Green thinking is a core principle in how Cadillac Fairview designs, builds, upgrades and expands properties across their portfolio. In 2004, Cadillac Fairview partnered with Enwave Energy Corporation to become the first building in Toronto to convert to Enwave’s Deep Lake Water Cooling (DLWC) system.

Connecting the towers to the DLWC system offered significant savings and reduced energy consumption. This system harnesses the renewable cold temperatures deep within Lake Ontario to provide cooling water to the building’s heat exchangers and minimize water usage.

The refrigerant plants were replaced with 13,000 tons of chiller capacity, reducing cooling-related electrical consumption by 90%. It enables the building to maintain a sustainable environment for tenants.

Today, Toronto-Dominion Centre continues to set new and innovative standards for industry leadership and is considered an architectural and commercial monument in Toronto.

“We are proud to be part of supporting Toronto-Dominion Centre’s continuing legacy and sustainability efforts,” says Peter Olive, PCL manager of Building Revitalization. “As the commercial real estate market becomes more competitive and diverse, developers and asset owners are driving towards deep carbon retrofits. In many cases, success in revitalizing these heritage assets is making it look like the work never even happened.”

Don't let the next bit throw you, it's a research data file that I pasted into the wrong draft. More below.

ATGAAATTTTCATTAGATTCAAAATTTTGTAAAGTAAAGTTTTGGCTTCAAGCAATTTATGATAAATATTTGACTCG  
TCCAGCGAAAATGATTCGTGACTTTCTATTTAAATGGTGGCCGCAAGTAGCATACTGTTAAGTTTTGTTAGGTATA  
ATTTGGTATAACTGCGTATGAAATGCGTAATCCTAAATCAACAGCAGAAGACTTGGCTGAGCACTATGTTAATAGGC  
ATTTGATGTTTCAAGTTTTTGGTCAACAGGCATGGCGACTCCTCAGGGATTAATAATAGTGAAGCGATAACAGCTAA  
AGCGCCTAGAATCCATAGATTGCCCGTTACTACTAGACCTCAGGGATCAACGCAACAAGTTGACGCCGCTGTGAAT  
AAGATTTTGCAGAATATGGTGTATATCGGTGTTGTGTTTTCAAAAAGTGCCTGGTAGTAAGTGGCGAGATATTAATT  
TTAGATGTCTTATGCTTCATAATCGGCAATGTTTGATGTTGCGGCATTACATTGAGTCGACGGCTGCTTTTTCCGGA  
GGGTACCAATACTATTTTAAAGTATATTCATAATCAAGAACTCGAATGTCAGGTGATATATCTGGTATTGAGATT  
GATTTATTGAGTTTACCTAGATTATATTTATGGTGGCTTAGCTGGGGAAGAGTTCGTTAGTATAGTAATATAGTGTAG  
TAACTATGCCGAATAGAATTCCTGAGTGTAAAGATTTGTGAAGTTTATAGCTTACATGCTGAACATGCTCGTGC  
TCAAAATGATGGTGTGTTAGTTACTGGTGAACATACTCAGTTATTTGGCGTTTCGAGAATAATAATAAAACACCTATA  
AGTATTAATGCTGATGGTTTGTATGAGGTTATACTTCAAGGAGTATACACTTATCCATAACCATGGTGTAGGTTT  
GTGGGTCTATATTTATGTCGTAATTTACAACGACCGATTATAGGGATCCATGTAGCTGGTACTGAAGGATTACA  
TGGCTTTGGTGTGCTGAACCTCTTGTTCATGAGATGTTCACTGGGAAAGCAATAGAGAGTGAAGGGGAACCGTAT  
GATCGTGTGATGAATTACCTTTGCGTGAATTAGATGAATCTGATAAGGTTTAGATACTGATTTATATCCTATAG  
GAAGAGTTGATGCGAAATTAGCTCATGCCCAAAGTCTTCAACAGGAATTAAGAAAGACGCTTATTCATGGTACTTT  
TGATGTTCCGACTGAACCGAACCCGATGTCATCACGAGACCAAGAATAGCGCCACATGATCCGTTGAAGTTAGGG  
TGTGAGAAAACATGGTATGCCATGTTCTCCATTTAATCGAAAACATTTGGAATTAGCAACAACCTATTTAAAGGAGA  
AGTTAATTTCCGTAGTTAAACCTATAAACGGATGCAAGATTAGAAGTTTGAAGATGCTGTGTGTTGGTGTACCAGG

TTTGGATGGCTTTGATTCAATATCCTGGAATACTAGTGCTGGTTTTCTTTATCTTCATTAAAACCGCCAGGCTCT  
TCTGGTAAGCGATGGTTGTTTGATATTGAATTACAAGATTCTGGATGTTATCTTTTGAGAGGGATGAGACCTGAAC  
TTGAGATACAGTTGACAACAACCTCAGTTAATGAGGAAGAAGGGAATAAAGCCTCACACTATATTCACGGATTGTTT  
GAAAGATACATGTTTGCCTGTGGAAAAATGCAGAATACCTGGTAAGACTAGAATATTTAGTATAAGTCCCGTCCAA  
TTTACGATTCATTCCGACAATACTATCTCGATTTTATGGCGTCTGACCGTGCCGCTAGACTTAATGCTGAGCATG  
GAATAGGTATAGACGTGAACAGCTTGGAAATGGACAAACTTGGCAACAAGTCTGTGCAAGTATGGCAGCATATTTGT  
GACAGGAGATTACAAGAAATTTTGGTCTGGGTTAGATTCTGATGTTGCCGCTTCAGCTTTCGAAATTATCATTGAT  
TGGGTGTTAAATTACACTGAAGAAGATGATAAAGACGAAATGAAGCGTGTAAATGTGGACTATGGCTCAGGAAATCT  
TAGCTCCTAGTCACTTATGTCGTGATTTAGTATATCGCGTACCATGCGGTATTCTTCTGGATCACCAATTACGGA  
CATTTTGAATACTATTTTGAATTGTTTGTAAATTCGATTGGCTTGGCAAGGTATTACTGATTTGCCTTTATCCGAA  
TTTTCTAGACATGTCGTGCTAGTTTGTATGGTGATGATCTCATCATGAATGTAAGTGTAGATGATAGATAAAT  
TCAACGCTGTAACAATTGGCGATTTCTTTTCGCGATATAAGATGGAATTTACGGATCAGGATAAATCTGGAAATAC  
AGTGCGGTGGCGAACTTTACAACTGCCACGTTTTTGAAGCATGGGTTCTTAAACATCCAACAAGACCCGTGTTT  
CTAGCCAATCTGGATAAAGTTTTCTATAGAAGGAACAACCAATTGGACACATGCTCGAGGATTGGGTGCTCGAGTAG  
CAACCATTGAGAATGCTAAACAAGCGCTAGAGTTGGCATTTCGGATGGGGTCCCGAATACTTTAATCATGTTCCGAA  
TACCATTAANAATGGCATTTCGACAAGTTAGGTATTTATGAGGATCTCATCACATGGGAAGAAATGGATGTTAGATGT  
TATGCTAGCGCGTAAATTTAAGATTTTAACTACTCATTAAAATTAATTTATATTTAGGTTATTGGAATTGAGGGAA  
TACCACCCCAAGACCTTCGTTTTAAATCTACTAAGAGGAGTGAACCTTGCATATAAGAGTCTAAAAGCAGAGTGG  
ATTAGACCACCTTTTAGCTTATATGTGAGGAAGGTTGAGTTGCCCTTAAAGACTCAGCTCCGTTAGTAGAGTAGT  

The successful outcomes of its impressive, sustainable restoration caught the interest of the Getty Conservation Institute (GCI). Located in Los Angeles, California, GCI is a global philanthropic institution that works to advance conservation practice in the visual arts, including objects, collections, sites and architecture, on an international scale.

In collaboration with Cadillac Fairview and ERA Architects, PCL contributed to a case study that has been published in the second volume of GCI’s Conserving Modern Heritage Series. The publication analyzes 10 modern projects from across the globe that have excelled in optimizing energy use and thermal comfort while demonstrating best practices in conservation.

To learn more about what went into to revitalizing the iconic Toronto-Dominion Centre and to purchase the book, check out the Getty Institute’s Managing Energy Use in Modern Buildings: Case Studies in Conservation Practice.

Project Team

  • Owner: Cadillac Fairview Corporation Limited and Ontario Pension Board
  • Architects: B+H Architects
  • Heritage Consultants: ERA Architects
  • Construction Manager: PCL Constructors Canada Inc.
  • Mechanical and Electrical Engineer: H.H. Angus
  • Lighting Design: Gabriel McKinnon
  • Painting Consultant: Wiss, Janney, Elsner Associates
  • Envelope Consultant: ZEC
  • Sustainability Advisor: WSP
  • Energy Consultants: Enwave Energy Corporation, The Mitchel Partnership Inc., and Ainsworth Inc.